(The “stirring” of “dull roots,” meanwhile, is so overtly phallic that Tucker Carlson is devoting an entire segment to it in his new show about the End of Men—right after the part where the dude plugs his junk into the Tesla charger.)
The general vibe can be expressed in five words, read as sardonically as possible: Great, here we go again. Also: nothing is being buried, despite the title; quite the opposite!
Then the poem devolves into what feels like fragments of a dream—or, better, footage from some lost film about the subconscious mind that Christopher Nolan left on the cutting room floor. There are different languages we are expected to speak, and allusions to ancient texts we are expected to recognize, and a Tarot that Eliot made up, because he was too busy reading Petronius and Virgil and Ovid to familiarize himself with an actual deck.
The poem ends in Part Five, “What the Thunder Said,” with this word salad:
I sat upon the shore
Fishing, with the arid plain behind me
Shall I at least set my lands in order?
London Bridge is falling down falling down falling down
Poi s’ascose nel foco che gli affina
Quando fiam uti chelidon—O swallow swallow
Le Prince d’Aquitaine à la tour abolie
These fragments I have shored against my ruins
Why then Ile fit you. Hieronymo’s mad againe.
Datta. Dayadhvam. Damyata.
Shantih shantih shantih
The “fragments” here, the little bits and pieces of a life of obscure reading that have stuck in his head, fly around his mind like literary detritus from an explosion. That final word, repeated three times, is, Eliot explains in his notes, the formal end to an Upanishad—almost like saying “Amen” three times. He translates it as “the Peace which passeth understanding,” which is an apt way to end a poem that passeth understanding.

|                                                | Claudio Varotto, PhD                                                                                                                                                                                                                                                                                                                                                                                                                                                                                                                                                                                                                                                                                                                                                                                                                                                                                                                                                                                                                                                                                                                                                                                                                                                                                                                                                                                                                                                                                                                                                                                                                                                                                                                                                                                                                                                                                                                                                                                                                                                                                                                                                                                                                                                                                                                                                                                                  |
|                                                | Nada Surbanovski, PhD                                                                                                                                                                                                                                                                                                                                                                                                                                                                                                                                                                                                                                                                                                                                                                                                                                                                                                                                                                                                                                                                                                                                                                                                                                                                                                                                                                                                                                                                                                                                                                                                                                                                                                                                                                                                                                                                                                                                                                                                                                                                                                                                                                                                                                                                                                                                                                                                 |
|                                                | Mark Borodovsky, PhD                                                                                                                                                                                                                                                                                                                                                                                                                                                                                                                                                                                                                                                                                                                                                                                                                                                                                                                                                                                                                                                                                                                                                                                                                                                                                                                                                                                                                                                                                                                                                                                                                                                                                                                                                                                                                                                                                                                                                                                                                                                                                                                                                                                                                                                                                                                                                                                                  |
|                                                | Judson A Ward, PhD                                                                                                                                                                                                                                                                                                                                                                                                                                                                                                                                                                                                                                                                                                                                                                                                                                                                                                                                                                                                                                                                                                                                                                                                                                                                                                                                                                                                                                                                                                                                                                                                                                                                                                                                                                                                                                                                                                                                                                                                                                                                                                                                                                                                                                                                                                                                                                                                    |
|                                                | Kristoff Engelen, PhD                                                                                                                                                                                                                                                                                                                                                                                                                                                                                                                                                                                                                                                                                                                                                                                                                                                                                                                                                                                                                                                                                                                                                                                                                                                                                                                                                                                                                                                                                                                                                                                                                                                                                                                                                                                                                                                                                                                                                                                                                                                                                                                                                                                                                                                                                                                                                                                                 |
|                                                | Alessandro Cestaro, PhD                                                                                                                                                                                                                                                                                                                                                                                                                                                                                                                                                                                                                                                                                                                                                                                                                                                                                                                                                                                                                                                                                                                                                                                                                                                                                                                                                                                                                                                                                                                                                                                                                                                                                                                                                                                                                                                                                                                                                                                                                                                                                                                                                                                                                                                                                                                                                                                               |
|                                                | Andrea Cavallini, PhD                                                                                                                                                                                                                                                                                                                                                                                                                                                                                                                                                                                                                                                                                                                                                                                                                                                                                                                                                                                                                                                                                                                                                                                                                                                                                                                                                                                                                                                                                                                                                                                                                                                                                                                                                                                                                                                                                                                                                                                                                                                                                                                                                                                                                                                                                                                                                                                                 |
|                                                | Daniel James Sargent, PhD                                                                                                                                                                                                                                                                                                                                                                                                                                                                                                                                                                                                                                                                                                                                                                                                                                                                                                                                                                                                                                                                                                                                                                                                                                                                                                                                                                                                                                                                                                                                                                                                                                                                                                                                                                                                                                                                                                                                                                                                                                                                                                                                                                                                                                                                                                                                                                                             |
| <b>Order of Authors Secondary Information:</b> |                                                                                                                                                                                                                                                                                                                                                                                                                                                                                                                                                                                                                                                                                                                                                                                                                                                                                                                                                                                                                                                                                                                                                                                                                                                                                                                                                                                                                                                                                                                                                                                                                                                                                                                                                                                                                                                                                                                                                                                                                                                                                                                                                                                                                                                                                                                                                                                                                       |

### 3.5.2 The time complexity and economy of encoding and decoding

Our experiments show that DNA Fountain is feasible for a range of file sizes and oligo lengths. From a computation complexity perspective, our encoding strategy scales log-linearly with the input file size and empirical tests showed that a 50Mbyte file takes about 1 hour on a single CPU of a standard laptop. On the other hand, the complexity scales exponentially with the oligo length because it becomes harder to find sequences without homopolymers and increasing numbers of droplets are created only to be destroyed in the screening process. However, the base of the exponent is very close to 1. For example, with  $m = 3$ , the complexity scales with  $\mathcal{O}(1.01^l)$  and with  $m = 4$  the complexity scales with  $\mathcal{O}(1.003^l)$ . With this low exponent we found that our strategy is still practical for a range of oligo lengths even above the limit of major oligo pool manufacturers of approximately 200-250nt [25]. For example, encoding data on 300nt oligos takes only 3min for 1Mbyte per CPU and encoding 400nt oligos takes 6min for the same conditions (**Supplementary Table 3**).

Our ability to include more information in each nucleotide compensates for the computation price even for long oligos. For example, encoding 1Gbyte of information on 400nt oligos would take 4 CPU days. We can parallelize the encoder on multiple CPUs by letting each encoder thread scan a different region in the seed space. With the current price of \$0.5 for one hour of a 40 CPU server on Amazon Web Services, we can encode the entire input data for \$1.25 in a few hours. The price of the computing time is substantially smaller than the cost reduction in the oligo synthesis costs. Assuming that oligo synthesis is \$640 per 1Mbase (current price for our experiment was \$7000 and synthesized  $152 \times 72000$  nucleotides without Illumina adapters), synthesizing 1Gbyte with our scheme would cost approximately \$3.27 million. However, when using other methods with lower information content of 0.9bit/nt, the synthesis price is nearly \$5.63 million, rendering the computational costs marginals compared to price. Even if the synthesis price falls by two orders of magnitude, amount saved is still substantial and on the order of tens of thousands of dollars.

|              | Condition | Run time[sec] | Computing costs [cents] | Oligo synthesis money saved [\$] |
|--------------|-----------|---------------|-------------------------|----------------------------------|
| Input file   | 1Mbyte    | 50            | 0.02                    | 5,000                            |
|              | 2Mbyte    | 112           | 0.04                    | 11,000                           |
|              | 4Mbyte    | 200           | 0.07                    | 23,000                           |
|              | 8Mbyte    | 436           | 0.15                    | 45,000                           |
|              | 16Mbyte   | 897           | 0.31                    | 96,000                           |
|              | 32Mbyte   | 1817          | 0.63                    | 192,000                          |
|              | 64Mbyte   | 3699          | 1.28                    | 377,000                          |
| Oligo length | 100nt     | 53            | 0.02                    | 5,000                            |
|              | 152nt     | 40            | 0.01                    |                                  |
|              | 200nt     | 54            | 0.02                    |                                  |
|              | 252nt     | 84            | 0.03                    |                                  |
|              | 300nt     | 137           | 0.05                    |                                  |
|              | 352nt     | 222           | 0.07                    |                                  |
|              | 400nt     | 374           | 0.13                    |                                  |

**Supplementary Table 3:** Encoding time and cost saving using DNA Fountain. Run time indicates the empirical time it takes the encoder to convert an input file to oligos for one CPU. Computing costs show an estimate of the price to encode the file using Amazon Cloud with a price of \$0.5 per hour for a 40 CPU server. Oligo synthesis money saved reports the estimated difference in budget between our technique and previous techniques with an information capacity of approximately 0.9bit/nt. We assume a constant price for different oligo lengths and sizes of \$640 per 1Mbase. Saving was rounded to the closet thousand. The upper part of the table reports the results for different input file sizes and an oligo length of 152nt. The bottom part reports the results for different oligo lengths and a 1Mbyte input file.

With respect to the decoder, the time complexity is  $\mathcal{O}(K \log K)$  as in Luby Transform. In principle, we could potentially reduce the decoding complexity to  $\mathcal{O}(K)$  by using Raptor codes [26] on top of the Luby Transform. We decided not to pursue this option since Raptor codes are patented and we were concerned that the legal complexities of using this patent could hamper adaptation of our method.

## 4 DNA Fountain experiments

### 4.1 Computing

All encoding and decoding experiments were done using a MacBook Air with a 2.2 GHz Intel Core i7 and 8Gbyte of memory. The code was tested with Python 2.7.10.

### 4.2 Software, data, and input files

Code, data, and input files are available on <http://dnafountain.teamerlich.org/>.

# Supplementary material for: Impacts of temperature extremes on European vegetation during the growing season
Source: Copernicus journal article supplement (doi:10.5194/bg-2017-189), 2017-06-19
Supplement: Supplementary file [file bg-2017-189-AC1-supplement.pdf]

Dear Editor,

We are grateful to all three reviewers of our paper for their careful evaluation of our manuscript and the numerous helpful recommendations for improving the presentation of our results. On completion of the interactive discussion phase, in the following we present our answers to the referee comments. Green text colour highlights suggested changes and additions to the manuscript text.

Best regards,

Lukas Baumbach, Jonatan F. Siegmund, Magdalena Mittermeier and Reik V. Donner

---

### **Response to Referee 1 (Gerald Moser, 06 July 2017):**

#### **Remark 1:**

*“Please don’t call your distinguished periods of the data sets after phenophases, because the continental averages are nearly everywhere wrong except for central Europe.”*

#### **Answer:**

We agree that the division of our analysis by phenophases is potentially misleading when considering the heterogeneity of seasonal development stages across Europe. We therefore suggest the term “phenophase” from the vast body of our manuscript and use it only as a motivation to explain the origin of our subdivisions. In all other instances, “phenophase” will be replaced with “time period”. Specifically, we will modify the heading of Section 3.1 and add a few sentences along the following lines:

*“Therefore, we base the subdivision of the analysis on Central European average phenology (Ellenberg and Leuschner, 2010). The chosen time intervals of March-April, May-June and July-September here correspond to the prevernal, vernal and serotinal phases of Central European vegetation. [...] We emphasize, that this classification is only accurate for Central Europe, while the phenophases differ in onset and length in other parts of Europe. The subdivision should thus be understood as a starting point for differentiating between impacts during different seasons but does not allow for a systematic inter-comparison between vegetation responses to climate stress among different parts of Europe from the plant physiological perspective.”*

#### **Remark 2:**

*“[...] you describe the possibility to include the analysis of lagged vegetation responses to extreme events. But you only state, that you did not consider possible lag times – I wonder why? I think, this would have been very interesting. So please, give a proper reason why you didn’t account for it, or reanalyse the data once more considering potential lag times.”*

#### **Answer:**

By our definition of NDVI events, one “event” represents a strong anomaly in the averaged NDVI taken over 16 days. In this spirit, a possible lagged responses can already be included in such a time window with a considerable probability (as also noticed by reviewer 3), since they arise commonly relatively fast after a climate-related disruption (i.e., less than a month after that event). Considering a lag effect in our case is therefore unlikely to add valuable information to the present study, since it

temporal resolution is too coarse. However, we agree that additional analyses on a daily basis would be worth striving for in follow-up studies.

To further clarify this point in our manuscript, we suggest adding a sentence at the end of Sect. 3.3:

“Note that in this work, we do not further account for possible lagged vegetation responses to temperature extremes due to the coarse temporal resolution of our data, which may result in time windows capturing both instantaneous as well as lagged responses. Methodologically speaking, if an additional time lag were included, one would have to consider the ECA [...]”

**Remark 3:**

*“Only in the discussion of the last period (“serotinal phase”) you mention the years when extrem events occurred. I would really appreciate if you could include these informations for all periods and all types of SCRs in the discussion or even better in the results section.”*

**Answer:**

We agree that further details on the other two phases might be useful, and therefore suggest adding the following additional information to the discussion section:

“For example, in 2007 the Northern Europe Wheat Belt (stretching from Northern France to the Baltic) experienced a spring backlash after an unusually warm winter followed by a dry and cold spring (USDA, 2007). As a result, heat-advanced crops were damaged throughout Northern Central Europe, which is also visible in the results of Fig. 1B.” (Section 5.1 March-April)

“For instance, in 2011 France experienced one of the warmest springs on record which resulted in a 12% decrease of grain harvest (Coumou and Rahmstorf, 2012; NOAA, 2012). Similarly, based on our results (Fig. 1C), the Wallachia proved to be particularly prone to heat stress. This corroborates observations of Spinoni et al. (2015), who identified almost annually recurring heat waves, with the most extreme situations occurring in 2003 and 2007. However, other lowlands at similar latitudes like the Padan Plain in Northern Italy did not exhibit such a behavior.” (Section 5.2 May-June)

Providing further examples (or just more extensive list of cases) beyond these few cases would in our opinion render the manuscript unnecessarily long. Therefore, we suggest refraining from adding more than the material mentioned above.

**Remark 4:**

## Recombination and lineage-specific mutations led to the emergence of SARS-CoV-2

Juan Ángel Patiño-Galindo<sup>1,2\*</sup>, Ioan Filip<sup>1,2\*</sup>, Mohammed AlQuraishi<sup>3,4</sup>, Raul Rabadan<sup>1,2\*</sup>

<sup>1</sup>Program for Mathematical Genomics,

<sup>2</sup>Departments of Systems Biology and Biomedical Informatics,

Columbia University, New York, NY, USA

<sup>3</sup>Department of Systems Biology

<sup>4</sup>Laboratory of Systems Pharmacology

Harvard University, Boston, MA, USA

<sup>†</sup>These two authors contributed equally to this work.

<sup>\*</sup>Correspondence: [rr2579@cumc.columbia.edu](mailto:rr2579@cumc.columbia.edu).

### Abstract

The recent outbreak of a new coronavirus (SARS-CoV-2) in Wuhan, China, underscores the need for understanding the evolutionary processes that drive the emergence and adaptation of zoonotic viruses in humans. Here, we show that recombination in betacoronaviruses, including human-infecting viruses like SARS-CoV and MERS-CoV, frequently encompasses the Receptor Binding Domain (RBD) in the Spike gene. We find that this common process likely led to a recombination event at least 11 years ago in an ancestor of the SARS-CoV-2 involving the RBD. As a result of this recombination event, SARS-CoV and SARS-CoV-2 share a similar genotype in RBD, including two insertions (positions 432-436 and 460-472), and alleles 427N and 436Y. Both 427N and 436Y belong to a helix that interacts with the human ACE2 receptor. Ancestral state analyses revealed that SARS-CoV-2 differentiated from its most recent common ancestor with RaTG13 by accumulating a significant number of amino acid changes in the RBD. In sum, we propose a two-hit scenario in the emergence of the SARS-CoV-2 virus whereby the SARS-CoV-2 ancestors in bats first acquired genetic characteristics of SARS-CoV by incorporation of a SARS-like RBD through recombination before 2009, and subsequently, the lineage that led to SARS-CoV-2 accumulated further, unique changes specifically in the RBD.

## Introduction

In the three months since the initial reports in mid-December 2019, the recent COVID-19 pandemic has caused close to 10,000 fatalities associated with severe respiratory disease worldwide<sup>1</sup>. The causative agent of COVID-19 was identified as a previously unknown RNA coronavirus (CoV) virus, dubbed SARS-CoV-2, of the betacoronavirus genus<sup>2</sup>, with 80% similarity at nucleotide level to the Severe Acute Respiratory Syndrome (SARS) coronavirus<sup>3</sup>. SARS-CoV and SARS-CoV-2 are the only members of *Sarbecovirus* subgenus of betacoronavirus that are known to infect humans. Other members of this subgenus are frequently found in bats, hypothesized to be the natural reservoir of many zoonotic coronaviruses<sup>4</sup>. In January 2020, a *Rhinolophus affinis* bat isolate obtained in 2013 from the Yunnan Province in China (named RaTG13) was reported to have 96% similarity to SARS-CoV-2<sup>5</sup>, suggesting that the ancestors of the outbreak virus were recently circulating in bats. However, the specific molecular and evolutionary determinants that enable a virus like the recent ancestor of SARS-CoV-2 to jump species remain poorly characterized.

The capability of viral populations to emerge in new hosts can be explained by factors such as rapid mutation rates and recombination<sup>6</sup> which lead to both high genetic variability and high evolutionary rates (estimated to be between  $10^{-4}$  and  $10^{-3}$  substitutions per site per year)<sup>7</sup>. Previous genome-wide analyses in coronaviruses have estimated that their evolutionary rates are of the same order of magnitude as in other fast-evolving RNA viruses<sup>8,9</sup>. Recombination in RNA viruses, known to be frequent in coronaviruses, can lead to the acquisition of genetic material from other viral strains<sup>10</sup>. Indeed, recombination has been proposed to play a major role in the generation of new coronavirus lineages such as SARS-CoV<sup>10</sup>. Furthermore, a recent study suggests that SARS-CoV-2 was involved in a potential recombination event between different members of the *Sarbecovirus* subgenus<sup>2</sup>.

But the point here, I think, is this: despite his initial resistance to repetition of the cycle, to rebirth, to hope, he has come around. By the end of this poetical fever dream, even the fuddy-duddy, wet blanket Eliot finds himself at peace.
I wish you a happy Easter / Passover / Ramadan / secular Sunday, Dear Reader, and hope for the bunny to be the harbinger of good things in the days ahead.
Photo credit: Aeneas and the Cumaean Sibyl Entering the Infernal Regions, drawing, Giovanni Francesco Romanelli, early 17th century.
What I love about your schedule, Greg, is that you balance the horrible with your joy, the Sunday pieces. May we all have the discipline to balance our attention to news of the horrific with attention to the joyful and refreshing.
Shantih! right back atcha.
Love, and a happy, peaceful, and joyful feeling in the inner sanctum, to all of you.
As I wrote last year, in a piece about the Nicene Creed, “For me, Easter is the Christian version of the celebration of spring. Of rebirth. Of hope. And what is hope, after all, but blind faith in a happy outcome?”
. . . Whatever you may believe, my wish for you today is that your sense of hope be renewed, refreshed, and replenished.